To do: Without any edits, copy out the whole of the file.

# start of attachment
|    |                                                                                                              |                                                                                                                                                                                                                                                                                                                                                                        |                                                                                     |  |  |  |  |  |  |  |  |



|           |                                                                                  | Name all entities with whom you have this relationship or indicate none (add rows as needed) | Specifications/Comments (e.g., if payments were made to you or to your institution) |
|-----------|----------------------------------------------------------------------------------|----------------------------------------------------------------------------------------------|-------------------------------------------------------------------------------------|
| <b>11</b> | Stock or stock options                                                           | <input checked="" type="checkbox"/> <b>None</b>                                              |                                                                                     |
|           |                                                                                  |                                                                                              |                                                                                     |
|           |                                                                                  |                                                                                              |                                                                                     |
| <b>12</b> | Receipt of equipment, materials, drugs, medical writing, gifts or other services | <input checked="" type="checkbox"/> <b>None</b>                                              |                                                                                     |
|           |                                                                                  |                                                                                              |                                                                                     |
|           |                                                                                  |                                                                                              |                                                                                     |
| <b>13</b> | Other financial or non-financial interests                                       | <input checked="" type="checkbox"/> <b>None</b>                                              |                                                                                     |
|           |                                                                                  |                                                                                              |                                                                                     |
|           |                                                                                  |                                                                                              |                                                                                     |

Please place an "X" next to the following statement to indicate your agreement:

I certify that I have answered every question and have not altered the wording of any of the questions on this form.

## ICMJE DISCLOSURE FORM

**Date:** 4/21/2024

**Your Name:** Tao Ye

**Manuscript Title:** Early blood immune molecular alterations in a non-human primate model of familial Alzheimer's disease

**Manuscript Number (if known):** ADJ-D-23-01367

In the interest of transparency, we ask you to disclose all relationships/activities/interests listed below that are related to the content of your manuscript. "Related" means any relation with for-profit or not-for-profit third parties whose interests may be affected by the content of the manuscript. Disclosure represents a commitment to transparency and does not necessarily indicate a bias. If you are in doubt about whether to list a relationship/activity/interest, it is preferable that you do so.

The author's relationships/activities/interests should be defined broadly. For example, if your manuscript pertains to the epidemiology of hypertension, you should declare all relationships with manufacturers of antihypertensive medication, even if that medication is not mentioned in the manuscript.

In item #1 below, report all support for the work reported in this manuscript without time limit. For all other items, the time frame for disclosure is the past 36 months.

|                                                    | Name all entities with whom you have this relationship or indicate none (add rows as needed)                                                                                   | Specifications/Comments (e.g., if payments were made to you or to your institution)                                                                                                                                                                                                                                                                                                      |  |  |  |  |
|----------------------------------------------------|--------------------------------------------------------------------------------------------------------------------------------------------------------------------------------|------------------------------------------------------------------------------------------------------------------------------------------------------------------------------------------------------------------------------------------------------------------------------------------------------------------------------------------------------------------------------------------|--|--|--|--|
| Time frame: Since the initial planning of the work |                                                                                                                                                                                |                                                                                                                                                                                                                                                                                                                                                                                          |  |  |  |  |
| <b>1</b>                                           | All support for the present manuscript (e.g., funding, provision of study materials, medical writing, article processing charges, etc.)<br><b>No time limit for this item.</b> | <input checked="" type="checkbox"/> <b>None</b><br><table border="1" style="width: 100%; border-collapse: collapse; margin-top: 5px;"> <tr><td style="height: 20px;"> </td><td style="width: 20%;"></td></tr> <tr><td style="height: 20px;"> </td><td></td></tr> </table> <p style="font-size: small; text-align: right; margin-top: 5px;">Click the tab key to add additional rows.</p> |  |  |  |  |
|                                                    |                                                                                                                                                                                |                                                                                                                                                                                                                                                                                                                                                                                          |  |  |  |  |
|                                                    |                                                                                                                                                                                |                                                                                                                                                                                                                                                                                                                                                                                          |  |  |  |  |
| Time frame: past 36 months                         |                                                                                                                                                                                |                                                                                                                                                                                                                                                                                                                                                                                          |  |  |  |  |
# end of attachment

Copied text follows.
|    |                                                                                                              |                                                                                                                                                                                                                                                                                                                                                                        |                                                                                     |  |  |  |  |  |  |  |  |



|           |                                                                                  | Name all entities with whom you have this relationship or indicate none (add rows as needed) | Specifications/Comments (e.g., if payments were made to you or to your institution) |
|-----------|----------------------------------------------------------------------------------|----------------------------------------------------------------------------------------------|-------------------------------------------------------------------------------------|
| <b>11</b> | Stock or stock options                                                           | <input checked="" type="checkbox"/> <b>None</b>                                              |                                                                                     |
|           |                                                                                  |                                                                                              |                                                                                     |
|           |                                                                                  |                                                                                              |                                                                                     |
| <b>12</b> | Receipt of equipment, materials, drugs, medical writing, gifts or other services | <input checked="" type="checkbox"/> <b>None</b>                                              |                                                                                     |
|           |                                                                                  |                                                                                              |                                                                                     |
|           |                                                                                  |                                                                                              |                                                                                     |
| <b>13</b> | Other financial or non-financial interests                                       | <input checked="" type="checkbox"/> <b>None</b>                                              |                                                                                     |
|           |                                                                                  |                                                                                              |                                                                                     |
|           |                                                                                  |                                                                                              |                                                                                     |

Please place an "X" next to the following statement to indicate your agreement:

I certify that I have answered every question and have not altered the wording of any of the questions on this form.

## ICMJE DISCLOSURE FORM

**Date:** 4/21/2024

**Your Name:** Tao Ye

**Manuscript Title:** Early blood immune molecular alterations in a non-human primate model of familial Alzheimer's disease

**Manuscript Number (if known):** ADJ-D-23-01367

In the interest of transparency, we ask you to disclose all relationships/activities/interests listed below that are related to the content of your manuscript. "Related" means any relation with for-profit or not-for-profit third parties whose interests may be affected by the content of the manuscript. Disclosure represents a commitment to transparency and does not necessarily indicate a bias. If you are in doubt about whether to list a relationship/activity/interest, it is preferable that you do so.

The author's relationships/activities/interests should be defined broadly. For example, if your manuscript pertains to the epidemiology of hypertension, you should declare all relationships with manufacturers of antihypertensive medication, even if that medication is not mentioned in the manuscript.

In item #1 below, report all support for the work reported in this manuscript without time limit. For all other items, the time frame for disclosure is the past 36 months.

|                                                    | Name all entities with whom you have this relationship or indicate none (add rows as needed)                                                                                   | Specifications/Comments (e.g., if payments were made to you or to your institution)                                                                                                                                                                                                                                                                                                      |  |  |  |  |
|----------------------------------------------------|--------------------------------------------------------------------------------------------------------------------------------------------------------------------------------|------------------------------------------------------------------------------------------------------------------------------------------------------------------------------------------------------------------------------------------------------------------------------------------------------------------------------------------------------------------------------------------|--|--|--|--|
| Time frame: Since the initial planning of the work |                                                                                                                                                                                |                                                                                                                                                                                                                                                                                                                                                                                          |  |  |  |  |
| <b>1</b>                                           | All support for the present manuscript (e.g., funding, provision of study materials, medical writing, article processing charges, etc.)<br><b>No time limit for this item.</b> | <input checked="" type="checkbox"/> <b>None</b><br><table border="1" style="width: 100%; border-collapse: collapse; margin-top: 5px;"> <tr><td style="height: 20px;"> </td><td style="width: 20%;"></td></tr> <tr><td style="height: 20px;"> </td><td></td></tr> </table> <p style="font-size: small; text-align: right; margin-top: 5px;">Click the tab key to add additional rows.</p> |  |  |  |  |
|                                                    |                                                                                                                                                                                |                                                                                                                                                                                                                                                                                                                                                                                          |  |  |  |  |
|                                                    |                                                                                                                                                                                |                                                                                                                                                                                                                                                                                                                                                                                          |  |  |  |  |
| Time frame: past 36 months                         |                                                                                                                                                                                |                                                                                                                                                                                                                                                                                                                                                                                          |  |  |  |  |